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of the capital raise. ben smith said the news is more positive than he first expected. we await some of the details of that. the question is will it be enough for air france. still waiting for the details of what the dutch will do in the netherlands to make sure that happens. air france bouncing back today. a bit more positivity surrounding the vaccine rollout story. then we come to the football story. more about this in just a moment. juventus up 17%. the italian class breaking with the champions league. the spanish club doing it as well. six u.k. clubs are with the friends and the germans -- with the french and the germans not going for it. juventus reaping the rewards. is it going to provide more stability? is it a negotiating tactic?
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there are so many unanswered questions about what will happen. this is the biggest split in european football since the 1950's. alix: i will understand it by the end of the block. alex webb of bloomberg opinion has been following the story. you need to dumb it down for me. what are the takeaways i need to have from this? alex: sports and football operates completely differently from the u.s.. all of these leagues have a set, prime number of teams. that means as an investor or owner of one of the teams, you know you're guaranteed a certain amount of income every year. in europe you have a bad year, you drop out of the league. the champions league, the pan-european club competition, at the end of the season the top teams domestically qualify for that. what the european league does is
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it limits the risk whether you qualify for the top competition or not. it does so for 15 teams. self-appointed top teams in europe. the question mark is whether that is really the case. for the owners, it limits the risk factor. it means they know they would get a certain amount of revenue for x number of years and they can manage their budget accordingly. guy: uafa were going to make changes. is this a done deal or is this a negotiating tactic? alex: if it is a negotiating tactic it is a very aggressive one they seems to have made legal commitments to do this. jp morgan buying all of the financing up.
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it gives little more power to the massive teams, teams like barcelona and riau madrid. the alternative is seemingly unconscionable. alix: is this a good or bad thing for fans? alex: bad. no doubt about it, bad for fans if you're in the u.k. or spain or italy. it is good if you are a fan in the u.s. or asia because you might get to see these top teams play more regularly. the thing you lose, when people talk about the passion of european football, and how does a much greater an american sport , a lot of that is due to the fact there is more at stake. you lose it game -- you lose a game you can be relegated to the doldrums for years. he did not have that risk factor in the u.s.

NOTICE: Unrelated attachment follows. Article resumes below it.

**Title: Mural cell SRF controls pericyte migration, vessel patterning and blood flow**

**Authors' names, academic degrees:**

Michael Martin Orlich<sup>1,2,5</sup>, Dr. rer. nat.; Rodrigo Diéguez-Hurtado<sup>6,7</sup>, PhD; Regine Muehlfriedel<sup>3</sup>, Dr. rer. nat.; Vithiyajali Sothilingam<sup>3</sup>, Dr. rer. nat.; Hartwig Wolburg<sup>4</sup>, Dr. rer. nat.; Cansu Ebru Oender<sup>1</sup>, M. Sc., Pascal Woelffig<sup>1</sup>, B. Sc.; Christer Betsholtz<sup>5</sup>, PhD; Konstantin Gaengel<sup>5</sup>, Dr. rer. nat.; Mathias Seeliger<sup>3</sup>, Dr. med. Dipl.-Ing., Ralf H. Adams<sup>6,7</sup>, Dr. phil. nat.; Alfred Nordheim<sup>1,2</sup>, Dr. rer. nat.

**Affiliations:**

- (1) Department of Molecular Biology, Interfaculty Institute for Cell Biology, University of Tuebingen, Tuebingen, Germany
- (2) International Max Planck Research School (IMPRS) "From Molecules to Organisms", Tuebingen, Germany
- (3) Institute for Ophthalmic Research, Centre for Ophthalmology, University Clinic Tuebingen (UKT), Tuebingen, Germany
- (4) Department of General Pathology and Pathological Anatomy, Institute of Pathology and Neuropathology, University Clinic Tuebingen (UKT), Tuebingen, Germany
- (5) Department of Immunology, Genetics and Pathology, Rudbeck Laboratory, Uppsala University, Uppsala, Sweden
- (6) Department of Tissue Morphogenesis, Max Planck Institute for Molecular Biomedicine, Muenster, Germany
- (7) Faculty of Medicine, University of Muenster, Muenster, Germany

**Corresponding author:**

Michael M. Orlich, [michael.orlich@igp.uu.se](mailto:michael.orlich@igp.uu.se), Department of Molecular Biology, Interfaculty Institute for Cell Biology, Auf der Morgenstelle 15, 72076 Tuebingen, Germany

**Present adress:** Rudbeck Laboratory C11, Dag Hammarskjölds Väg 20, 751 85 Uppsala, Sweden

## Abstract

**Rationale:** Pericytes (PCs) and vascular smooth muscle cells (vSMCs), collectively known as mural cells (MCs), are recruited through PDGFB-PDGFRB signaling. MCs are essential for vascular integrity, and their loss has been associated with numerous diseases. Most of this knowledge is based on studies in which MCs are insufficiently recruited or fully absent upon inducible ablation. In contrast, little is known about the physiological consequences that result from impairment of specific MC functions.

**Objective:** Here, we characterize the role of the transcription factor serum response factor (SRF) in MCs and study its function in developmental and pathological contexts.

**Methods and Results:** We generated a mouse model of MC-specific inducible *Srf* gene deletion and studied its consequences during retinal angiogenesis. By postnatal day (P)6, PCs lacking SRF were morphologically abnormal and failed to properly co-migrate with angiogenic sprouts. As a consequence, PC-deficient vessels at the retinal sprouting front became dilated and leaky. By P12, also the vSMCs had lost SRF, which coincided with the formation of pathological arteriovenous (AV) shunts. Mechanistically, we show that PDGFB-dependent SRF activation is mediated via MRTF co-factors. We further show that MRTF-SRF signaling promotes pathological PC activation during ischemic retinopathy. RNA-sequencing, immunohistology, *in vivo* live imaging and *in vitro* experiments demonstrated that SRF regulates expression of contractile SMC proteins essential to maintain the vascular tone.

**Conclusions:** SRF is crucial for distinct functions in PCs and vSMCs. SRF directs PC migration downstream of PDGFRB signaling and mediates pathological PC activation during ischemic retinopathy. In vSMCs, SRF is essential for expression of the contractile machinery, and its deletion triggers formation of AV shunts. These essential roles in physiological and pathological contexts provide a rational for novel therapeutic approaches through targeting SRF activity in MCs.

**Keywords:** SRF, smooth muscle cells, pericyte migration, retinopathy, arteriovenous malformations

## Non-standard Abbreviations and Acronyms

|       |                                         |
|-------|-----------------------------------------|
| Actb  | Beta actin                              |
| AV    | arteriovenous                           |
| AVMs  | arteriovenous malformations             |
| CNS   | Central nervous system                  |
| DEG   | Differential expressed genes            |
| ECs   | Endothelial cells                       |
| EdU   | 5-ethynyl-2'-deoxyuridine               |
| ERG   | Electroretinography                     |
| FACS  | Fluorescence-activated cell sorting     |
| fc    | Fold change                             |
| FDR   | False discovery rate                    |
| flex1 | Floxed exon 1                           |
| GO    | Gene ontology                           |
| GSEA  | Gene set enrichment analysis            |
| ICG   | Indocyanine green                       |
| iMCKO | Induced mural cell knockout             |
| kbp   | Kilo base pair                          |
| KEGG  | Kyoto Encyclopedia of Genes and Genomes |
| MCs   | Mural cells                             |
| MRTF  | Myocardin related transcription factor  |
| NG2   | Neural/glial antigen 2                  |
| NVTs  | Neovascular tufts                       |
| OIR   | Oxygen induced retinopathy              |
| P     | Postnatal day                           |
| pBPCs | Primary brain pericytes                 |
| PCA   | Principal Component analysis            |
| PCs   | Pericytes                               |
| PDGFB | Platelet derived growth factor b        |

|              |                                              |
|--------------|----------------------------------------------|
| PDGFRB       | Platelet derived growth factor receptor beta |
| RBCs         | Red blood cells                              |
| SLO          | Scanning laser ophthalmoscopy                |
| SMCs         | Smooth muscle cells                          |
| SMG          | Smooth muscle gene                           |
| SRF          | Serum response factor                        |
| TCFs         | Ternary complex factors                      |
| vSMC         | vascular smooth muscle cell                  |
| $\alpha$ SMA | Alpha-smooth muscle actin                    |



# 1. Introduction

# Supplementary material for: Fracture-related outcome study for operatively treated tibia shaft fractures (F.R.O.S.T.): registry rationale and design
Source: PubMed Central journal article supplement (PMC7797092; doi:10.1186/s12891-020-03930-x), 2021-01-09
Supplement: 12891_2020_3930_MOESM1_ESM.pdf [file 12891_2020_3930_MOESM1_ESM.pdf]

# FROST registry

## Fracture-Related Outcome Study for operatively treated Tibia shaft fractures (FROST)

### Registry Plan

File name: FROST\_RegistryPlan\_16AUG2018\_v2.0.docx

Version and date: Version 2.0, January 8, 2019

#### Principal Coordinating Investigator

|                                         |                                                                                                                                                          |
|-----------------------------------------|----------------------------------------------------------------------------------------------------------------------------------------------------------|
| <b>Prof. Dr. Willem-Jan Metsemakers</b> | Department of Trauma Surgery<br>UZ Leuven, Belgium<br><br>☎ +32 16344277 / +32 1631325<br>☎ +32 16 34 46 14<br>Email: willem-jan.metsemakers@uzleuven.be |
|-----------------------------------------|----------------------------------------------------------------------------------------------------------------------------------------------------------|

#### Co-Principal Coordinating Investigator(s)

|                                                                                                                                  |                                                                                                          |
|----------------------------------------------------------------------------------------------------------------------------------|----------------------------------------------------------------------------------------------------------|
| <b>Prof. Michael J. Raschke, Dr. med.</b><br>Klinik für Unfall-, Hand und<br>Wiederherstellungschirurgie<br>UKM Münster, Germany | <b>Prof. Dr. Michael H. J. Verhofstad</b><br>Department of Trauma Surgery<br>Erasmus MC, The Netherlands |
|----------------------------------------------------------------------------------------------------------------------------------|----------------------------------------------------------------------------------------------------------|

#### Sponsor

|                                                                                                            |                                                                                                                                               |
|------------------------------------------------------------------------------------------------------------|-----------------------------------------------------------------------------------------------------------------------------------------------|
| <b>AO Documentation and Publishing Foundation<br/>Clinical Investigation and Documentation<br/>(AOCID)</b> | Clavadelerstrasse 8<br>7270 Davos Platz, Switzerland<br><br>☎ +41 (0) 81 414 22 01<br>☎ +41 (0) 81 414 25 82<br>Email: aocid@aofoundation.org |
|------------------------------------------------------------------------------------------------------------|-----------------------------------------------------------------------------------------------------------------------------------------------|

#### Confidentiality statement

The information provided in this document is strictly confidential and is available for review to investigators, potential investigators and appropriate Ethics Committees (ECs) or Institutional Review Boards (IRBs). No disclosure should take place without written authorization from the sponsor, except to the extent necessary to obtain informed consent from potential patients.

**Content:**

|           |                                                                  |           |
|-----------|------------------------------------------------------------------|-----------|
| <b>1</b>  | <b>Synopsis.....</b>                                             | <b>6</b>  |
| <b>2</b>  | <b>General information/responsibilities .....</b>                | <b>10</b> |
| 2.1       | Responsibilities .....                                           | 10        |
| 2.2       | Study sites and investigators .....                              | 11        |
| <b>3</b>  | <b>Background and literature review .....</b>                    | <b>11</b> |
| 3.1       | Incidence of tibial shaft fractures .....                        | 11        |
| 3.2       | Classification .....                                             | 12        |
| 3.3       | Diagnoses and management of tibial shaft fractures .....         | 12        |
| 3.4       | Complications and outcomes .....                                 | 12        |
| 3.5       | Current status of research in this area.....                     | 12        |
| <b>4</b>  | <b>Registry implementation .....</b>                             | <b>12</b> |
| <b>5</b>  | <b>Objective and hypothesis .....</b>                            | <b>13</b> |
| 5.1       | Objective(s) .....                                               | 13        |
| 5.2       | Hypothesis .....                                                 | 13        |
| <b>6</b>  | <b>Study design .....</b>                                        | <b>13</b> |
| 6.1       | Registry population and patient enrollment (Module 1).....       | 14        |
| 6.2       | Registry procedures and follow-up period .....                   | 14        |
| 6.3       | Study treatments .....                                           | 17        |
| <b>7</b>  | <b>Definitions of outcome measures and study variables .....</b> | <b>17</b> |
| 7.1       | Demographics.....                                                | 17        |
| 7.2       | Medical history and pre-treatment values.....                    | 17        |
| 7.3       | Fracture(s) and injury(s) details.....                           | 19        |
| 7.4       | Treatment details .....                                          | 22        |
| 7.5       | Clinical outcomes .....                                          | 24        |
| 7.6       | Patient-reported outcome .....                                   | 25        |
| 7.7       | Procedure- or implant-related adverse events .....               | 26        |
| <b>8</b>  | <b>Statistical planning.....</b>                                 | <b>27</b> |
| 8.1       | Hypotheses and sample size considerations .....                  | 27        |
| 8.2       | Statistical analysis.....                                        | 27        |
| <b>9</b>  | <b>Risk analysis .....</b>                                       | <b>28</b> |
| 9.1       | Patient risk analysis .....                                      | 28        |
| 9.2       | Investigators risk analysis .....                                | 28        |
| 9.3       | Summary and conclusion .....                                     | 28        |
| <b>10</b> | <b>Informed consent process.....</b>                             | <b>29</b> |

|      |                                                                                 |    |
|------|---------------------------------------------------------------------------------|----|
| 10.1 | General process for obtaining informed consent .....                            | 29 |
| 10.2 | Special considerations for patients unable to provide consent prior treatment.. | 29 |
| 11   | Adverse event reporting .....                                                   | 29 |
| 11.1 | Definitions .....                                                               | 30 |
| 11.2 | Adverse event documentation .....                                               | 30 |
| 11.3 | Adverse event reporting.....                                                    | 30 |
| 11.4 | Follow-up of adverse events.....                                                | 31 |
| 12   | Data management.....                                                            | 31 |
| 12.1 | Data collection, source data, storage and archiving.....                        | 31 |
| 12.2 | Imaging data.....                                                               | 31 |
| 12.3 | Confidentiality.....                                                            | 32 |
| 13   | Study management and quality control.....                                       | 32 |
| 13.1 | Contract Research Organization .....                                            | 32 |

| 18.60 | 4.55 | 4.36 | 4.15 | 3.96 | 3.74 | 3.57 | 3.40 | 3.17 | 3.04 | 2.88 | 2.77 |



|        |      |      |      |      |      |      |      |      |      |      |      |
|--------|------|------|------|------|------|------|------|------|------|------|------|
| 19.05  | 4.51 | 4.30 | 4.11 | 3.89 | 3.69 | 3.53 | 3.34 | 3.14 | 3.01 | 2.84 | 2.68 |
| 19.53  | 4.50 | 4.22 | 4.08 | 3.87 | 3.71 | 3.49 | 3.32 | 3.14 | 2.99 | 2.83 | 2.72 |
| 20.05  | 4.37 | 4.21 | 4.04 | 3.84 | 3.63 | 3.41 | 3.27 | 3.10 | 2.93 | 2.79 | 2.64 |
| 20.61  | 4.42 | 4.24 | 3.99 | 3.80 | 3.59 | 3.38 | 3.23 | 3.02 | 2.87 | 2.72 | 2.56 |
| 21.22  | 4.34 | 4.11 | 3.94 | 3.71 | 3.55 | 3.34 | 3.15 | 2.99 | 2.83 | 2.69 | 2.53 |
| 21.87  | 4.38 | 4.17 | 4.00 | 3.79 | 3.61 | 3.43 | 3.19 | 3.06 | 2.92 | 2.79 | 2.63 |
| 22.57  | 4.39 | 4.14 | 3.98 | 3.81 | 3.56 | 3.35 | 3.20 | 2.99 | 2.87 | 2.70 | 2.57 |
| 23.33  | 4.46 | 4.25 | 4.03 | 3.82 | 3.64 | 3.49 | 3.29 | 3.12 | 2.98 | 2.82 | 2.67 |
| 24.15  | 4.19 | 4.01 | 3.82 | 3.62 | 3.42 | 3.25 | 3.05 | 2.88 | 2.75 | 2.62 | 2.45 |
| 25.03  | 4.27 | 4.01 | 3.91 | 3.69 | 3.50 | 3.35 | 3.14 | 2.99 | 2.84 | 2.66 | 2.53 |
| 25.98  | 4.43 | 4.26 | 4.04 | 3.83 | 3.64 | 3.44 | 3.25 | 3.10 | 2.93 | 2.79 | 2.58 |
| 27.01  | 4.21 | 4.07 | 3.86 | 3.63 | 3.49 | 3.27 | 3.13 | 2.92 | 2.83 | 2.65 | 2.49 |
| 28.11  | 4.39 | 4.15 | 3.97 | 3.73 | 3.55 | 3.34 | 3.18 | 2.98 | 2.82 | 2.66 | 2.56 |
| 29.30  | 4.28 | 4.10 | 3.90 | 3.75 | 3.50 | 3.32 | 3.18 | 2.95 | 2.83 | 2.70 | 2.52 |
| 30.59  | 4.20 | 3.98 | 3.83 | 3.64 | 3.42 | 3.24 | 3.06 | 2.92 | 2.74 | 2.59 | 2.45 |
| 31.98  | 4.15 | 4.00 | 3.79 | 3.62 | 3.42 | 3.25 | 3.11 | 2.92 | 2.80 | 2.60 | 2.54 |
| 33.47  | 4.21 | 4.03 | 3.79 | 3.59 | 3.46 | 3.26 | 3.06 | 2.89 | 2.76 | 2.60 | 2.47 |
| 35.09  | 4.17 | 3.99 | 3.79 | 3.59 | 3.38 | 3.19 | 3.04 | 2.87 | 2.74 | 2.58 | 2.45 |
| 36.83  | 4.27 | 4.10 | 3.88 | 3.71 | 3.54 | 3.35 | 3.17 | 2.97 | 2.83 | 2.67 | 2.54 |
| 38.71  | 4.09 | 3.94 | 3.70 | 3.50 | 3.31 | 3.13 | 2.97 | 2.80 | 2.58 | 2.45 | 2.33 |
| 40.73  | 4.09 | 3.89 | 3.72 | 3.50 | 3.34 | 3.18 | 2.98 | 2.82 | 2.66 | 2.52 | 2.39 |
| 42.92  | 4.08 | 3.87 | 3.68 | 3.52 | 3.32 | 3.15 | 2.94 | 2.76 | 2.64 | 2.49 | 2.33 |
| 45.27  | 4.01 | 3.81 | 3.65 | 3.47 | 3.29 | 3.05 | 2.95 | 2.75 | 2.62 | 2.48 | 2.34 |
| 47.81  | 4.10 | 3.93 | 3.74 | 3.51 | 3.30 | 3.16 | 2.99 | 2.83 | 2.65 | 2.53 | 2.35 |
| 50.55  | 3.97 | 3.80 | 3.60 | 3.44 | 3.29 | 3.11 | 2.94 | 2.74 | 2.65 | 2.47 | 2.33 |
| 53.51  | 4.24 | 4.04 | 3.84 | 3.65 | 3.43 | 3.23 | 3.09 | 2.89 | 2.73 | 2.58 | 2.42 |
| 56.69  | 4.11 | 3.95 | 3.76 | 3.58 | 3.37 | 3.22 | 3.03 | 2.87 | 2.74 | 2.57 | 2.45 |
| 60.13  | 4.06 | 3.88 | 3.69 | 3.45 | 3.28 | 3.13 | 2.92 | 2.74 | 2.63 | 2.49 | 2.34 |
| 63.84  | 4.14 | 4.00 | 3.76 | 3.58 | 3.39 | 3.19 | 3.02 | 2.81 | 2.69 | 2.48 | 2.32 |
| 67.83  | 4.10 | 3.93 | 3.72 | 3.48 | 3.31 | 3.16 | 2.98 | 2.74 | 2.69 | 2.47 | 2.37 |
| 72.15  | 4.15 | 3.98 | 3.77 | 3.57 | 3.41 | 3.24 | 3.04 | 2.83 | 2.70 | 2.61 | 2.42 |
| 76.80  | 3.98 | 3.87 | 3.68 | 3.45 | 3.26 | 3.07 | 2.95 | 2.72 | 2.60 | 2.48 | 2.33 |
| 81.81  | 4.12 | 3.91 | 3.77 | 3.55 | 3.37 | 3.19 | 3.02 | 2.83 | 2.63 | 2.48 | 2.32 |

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for the neutral fan that is better. for people who really care about the sport, it is undeniably worse. if you're in manchester, you will stop to travel every other week to see your team player and a foreign country. that is more expensive and harder for consumers. guy: what does the media landscape look like? which kind of companies are we talking about? is it amazon? i'm curious to see which other businesses need to move and who would provide the support that sky did to the premier league? alex: it is absolutely about the value of broadcast rights, which have been skyrocketing. they have started to stall recently as the u.k. has become saturated and we have seen -- we
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are looking increasingly abroad to get more valuable rights, and are some pay-tv, online streaming services, looking at this space. there calculation -- their calculation is fans in asia and the u.s. will be more likely to want to watch manchester united and barcelona, even more likely than to watch manchester united. these are huge gambles on the value of broadcasting rights. guy: will wrap it up there. thank you very much. alex webb of bloomberg opinion. this will become a hugely emotive subject, anything to do with football shakes things up. minal modha joining us now to
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give us a take on this. what i'm trying to work out, is this a sign of strength from these clubs are a sign of weakness? minal: i think it is both. these are the most powerful clubs in europe, and as alex mentioned, is it a bit of a bluff by them, is it them throwing their weight around a little bit in order to potential get to what they want from uefa or even the domestic leagues? the top six clubs from the upper merely are part of this. they sent a manifesto to the premier league trying to get more voting rights in the last couple of years. part of this could be a means to an end to get to where they want to rather than something concrete they will definitely do. alix: can he related to the u.s. in terms of the nfl or nba? how different does it look now and what could it look like in terms of football going down the road? minal: at the moment the nfl and